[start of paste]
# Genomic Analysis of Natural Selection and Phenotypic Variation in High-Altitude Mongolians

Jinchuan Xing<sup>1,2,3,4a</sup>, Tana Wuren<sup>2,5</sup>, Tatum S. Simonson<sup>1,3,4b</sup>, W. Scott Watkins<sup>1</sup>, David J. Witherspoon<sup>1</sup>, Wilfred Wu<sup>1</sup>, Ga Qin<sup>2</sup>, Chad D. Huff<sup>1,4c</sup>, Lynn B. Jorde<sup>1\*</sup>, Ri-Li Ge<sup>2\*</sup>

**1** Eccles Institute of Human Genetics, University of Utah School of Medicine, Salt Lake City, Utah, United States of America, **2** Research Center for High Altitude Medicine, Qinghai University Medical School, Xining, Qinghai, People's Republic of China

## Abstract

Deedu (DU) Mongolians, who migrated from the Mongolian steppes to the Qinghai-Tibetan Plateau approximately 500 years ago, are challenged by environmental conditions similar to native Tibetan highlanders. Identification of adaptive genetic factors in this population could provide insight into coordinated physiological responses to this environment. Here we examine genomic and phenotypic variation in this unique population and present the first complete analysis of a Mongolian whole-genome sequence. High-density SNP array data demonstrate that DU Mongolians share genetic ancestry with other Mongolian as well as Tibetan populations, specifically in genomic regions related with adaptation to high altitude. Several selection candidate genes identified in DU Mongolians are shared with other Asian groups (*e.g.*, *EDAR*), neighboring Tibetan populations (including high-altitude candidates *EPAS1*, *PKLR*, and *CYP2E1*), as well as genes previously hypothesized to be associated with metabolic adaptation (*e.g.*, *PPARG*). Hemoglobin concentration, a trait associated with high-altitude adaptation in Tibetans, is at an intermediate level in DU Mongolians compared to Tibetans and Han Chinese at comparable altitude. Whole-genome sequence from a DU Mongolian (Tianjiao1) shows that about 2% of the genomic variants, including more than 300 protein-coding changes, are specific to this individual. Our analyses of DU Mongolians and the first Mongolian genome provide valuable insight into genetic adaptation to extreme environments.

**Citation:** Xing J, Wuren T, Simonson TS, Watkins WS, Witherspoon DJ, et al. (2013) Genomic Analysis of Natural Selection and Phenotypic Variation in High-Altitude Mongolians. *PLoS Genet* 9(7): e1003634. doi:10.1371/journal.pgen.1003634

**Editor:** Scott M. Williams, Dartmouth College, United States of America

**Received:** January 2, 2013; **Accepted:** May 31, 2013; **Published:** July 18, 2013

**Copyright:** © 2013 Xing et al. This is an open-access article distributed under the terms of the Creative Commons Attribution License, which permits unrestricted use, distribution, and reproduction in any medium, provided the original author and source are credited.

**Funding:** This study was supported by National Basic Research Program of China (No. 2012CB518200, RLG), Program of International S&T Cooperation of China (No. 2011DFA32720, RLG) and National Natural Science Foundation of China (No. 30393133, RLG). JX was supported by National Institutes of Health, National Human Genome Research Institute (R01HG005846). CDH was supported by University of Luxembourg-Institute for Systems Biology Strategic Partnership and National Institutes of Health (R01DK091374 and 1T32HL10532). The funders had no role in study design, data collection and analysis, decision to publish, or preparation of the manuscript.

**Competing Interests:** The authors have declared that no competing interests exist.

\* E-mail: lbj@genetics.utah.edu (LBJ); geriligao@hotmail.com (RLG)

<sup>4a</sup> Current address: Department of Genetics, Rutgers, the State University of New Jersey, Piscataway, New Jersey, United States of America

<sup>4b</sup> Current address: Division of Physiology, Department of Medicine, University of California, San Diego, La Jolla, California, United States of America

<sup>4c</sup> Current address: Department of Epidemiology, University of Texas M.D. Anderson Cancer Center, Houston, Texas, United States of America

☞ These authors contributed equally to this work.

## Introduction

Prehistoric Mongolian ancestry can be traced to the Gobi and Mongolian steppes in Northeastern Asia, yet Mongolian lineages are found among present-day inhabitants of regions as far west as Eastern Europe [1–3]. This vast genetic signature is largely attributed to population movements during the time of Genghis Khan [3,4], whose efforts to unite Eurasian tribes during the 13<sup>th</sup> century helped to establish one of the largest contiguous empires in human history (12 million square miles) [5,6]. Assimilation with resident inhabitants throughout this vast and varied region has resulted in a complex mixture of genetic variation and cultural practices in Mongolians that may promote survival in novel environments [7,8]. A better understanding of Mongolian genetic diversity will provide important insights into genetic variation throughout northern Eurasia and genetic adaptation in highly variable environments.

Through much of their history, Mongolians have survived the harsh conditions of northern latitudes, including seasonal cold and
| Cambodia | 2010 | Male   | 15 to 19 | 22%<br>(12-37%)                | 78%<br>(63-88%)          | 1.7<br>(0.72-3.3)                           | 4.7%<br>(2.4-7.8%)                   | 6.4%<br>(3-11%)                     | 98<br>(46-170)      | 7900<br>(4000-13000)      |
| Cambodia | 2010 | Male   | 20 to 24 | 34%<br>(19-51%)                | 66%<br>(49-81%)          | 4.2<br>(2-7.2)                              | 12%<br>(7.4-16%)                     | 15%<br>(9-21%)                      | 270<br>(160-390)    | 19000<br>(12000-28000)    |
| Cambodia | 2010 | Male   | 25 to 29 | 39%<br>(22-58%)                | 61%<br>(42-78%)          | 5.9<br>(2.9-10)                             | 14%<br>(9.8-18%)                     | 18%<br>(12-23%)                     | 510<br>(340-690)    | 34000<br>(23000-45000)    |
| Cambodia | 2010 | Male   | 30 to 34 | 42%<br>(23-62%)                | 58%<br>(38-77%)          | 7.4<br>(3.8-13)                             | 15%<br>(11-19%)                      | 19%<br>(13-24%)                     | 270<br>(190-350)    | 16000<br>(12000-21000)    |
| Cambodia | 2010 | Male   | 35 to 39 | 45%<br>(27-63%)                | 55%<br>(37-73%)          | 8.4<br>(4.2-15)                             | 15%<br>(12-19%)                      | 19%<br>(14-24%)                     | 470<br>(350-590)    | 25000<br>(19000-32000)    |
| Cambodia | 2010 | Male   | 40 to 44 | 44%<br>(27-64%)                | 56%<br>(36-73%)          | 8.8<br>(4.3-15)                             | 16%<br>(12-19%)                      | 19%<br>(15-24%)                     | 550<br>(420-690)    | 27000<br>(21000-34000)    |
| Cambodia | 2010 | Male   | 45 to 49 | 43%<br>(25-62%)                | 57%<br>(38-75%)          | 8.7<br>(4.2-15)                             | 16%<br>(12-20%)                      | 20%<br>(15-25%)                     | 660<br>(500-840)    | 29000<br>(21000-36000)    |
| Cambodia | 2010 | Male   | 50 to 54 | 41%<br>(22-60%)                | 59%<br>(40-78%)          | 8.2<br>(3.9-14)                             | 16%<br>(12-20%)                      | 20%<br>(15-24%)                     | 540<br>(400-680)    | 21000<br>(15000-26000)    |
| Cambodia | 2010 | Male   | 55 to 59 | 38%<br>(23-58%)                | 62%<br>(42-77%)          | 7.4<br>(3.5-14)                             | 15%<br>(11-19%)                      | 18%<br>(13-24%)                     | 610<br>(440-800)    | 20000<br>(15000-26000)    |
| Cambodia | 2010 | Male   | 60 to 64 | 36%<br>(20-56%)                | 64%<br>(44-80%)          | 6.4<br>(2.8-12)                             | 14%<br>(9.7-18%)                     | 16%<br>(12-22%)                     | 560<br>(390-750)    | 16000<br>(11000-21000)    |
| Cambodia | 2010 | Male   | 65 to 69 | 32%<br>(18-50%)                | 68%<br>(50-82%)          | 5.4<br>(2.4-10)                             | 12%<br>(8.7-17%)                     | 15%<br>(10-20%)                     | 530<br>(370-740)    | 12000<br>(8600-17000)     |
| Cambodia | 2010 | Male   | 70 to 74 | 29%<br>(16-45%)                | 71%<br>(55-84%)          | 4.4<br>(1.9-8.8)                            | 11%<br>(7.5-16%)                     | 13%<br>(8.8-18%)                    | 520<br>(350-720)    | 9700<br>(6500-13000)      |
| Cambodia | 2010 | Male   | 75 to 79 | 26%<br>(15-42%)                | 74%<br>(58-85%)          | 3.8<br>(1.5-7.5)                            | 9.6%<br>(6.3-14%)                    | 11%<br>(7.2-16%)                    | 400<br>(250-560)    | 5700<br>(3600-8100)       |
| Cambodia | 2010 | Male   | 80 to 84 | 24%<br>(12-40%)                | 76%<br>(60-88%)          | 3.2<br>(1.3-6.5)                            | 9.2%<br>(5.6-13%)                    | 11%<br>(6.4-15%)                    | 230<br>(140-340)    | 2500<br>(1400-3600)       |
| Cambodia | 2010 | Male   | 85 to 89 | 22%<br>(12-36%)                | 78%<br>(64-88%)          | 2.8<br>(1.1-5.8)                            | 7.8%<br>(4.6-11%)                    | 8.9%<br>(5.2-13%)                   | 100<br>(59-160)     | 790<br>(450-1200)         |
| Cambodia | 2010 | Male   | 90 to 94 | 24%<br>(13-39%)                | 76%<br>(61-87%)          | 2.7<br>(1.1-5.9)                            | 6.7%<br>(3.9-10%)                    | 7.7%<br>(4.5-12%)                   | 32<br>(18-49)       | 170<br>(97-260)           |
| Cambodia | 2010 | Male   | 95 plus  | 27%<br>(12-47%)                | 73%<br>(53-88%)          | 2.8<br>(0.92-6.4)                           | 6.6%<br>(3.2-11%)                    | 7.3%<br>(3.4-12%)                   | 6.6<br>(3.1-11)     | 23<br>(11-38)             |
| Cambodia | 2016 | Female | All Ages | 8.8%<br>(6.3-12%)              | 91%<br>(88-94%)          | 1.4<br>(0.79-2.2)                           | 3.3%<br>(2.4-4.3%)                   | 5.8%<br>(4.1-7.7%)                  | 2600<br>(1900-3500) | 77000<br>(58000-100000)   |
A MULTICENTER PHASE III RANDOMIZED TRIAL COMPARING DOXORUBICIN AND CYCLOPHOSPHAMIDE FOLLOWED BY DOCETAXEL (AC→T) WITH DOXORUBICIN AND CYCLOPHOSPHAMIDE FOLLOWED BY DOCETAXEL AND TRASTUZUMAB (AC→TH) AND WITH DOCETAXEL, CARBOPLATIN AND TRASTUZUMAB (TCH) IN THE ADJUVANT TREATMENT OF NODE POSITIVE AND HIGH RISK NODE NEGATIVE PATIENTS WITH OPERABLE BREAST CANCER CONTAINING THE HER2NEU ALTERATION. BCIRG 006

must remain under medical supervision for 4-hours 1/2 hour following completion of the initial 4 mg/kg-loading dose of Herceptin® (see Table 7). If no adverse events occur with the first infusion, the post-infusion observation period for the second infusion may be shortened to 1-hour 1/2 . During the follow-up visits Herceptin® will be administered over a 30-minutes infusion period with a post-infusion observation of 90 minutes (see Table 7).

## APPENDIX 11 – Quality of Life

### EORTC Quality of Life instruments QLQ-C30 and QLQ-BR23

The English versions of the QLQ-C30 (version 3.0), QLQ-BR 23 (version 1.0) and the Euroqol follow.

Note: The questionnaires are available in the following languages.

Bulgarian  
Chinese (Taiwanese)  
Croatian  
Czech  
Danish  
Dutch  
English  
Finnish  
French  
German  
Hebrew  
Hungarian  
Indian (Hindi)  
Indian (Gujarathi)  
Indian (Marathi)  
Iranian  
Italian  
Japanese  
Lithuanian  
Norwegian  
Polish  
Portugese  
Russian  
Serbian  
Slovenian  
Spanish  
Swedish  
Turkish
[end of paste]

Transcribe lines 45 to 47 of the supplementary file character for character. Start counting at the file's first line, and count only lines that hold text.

Chinese (Taiwanese)  
Croatian  
Czech  